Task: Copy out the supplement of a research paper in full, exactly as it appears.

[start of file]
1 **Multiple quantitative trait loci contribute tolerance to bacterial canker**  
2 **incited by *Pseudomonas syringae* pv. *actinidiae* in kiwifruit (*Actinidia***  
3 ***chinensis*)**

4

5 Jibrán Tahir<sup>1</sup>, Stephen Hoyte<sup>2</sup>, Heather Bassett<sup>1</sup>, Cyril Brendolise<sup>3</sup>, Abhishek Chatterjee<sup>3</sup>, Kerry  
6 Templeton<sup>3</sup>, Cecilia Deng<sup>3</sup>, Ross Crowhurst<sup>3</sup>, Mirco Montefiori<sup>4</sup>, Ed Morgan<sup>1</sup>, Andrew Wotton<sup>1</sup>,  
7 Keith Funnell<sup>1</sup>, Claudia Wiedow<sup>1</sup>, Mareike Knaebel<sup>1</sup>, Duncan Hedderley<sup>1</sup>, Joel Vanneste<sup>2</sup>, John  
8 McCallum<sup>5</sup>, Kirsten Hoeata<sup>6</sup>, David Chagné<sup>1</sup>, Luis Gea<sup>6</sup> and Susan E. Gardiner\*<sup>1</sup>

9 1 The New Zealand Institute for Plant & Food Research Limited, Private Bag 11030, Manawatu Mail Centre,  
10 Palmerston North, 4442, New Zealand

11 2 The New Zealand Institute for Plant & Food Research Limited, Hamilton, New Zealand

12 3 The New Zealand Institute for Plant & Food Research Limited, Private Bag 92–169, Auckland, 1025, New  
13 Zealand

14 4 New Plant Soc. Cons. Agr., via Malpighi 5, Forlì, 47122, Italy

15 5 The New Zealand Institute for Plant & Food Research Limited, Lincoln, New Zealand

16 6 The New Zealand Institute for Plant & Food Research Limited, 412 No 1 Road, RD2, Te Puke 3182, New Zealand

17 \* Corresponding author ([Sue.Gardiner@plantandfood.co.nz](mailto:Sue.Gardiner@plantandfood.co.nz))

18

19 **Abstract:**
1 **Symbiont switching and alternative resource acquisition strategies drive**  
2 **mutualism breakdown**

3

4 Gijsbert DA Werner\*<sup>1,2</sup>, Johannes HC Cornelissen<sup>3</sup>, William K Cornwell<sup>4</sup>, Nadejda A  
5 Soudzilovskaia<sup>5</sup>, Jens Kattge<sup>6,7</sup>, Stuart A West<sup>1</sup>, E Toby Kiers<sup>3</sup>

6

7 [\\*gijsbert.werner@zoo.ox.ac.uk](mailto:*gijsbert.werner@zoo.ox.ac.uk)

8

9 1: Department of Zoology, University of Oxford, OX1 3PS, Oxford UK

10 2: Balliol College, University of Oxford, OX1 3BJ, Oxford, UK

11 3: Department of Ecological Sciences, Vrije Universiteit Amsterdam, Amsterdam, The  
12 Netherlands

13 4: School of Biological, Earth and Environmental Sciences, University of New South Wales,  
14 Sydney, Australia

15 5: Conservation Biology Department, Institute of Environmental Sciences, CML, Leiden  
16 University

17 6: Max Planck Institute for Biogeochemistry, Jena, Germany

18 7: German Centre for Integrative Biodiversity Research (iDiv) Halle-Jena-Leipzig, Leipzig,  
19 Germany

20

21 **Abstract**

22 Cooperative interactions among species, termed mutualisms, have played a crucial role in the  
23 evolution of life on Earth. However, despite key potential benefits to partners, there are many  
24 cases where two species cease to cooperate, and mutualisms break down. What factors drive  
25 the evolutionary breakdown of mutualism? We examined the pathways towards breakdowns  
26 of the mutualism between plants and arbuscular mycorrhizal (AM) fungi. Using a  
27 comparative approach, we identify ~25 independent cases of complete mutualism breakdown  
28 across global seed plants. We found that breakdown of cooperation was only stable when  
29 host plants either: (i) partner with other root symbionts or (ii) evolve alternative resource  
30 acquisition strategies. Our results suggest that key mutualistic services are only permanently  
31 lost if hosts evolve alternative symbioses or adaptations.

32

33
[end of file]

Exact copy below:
1 **Multiple quantitative trait loci contribute tolerance to bacterial canker**  
2 **incited by *Pseudomonas syringae* pv. *actinidiae* in kiwifruit (*Actinidia***  
3 ***chinensis*)**

4

5 Jibrán Tahir<sup>1</sup>, Stephen Hoyte<sup>2</sup>, Heather Bassett<sup>1</sup>, Cyril Brendolise<sup>3</sup>, Abhishek Chatterjee<sup>3</sup>, Kerry  
6 Templeton<sup>3</sup>, Cecilia Deng<sup>3</sup>, Ross Crowhurst<sup>3</sup>, Mirco Montefiori<sup>4</sup>, Ed Morgan<sup>1</sup>, Andrew Wotton<sup>1</sup>,  
7 Keith Funnell<sup>1</sup>, Claudia Wiedow<sup>1</sup>, Mareike Knaebel<sup>1</sup>, Duncan Hedderley<sup>1</sup>, Joel Vanneste<sup>2</sup>, John  
8 McCallum<sup>5</sup>, Kirsten Hoeata<sup>6</sup>, David Chagné<sup>1</sup>, Luis Gea<sup>6</sup> and Susan E. Gardiner\*<sup>1</sup>

9 1 The New Zealand Institute for Plant & Food Research Limited, Private Bag 11030, Manawatu Mail Centre,  
10 Palmerston North, 4442, New Zealand

11 2 The New Zealand Institute for Plant & Food Research Limited, Hamilton, New Zealand

12 3 The New Zealand Institute for Plant & Food Research Limited, Private Bag 92–169, Auckland, 1025, New  
13 Zealand

14 4 New Plant Soc. Cons. Agr., via Malpighi 5, Forlì, 47122, Italy

15 5 The New Zealand Institute for Plant & Food Research Limited, Lincoln, New Zealand

16 6 The New Zealand Institute for Plant & Food Research Limited, 412 No 1 Road, RD2, Te Puke 3182, New Zealand

17 \* Corresponding author ([Sue.Gardiner@plantandfood.co.nz](mailto:Sue.Gardiner@plantandfood.co.nz))

18

19 **Abstract:**
1 **Symbiont switching and alternative resource acquisition strategies drive**  
2 **mutualism breakdown**

3

4 Gijsbert DA Werner\*<sup>1,2</sup>, Johannes HC Cornelissen<sup>3</sup>, William K Cornwell<sup>4</sup>, Nadejda A  
5 Soudzilovskaia<sup>5</sup>, Jens Kattge<sup>6,7</sup>, Stuart A West<sup>1</sup>, E Toby Kiers<sup>3</sup>

6

7 [\\*gijsbert.werner@zoo.ox.ac.uk](mailto:*gijsbert.werner@zoo.ox.ac.uk)

8

9 1: Department of Zoology, University of Oxford, OX1 3PS, Oxford UK

10 2: Balliol College, University of Oxford, OX1 3BJ, Oxford, UK

11 3: Department of Ecological Sciences, Vrije Universiteit Amsterdam, Amsterdam, The  
12 Netherlands

13 4: School of Biological, Earth and Environmental Sciences, University of New South Wales,  
14 Sydney, Australia

15 5: Conservation Biology Department, Institute of Environmental Sciences, CML, Leiden  
16 University

17 6: Max Planck Institute for Biogeochemistry, Jena, Germany

18 7: German Centre for Integrative Biodiversity Research (iDiv) Halle-Jena-Leipzig, Leipzig,  
19 Germany

20

21 **Abstract**

22 Cooperative interactions among species, termed mutualisms, have played a crucial role in the  
23 evolution of life on Earth. However, despite key potential benefits to partners, there are many  
24 cases where two species cease to cooperate, and mutualisms break down. What factors drive  
25 the evolutionary breakdown of mutualism? We examined the pathways towards breakdowns  
26 of the mutualism between plants and arbuscular mycorrhizal (AM) fungi. Using a  
27 comparative approach, we identify ~25 independent cases of complete mutualism breakdown  
28 across global seed plants. We found that breakdown of cooperation was only stable when  
29 host plants either: (i) partner with other root symbionts or (ii) evolve alternative resource  
30 acquisition strategies. Our results suggest that key mutualistic services are only permanently  
31 lost if hosts evolve alternative symbioses or adaptations.

32

33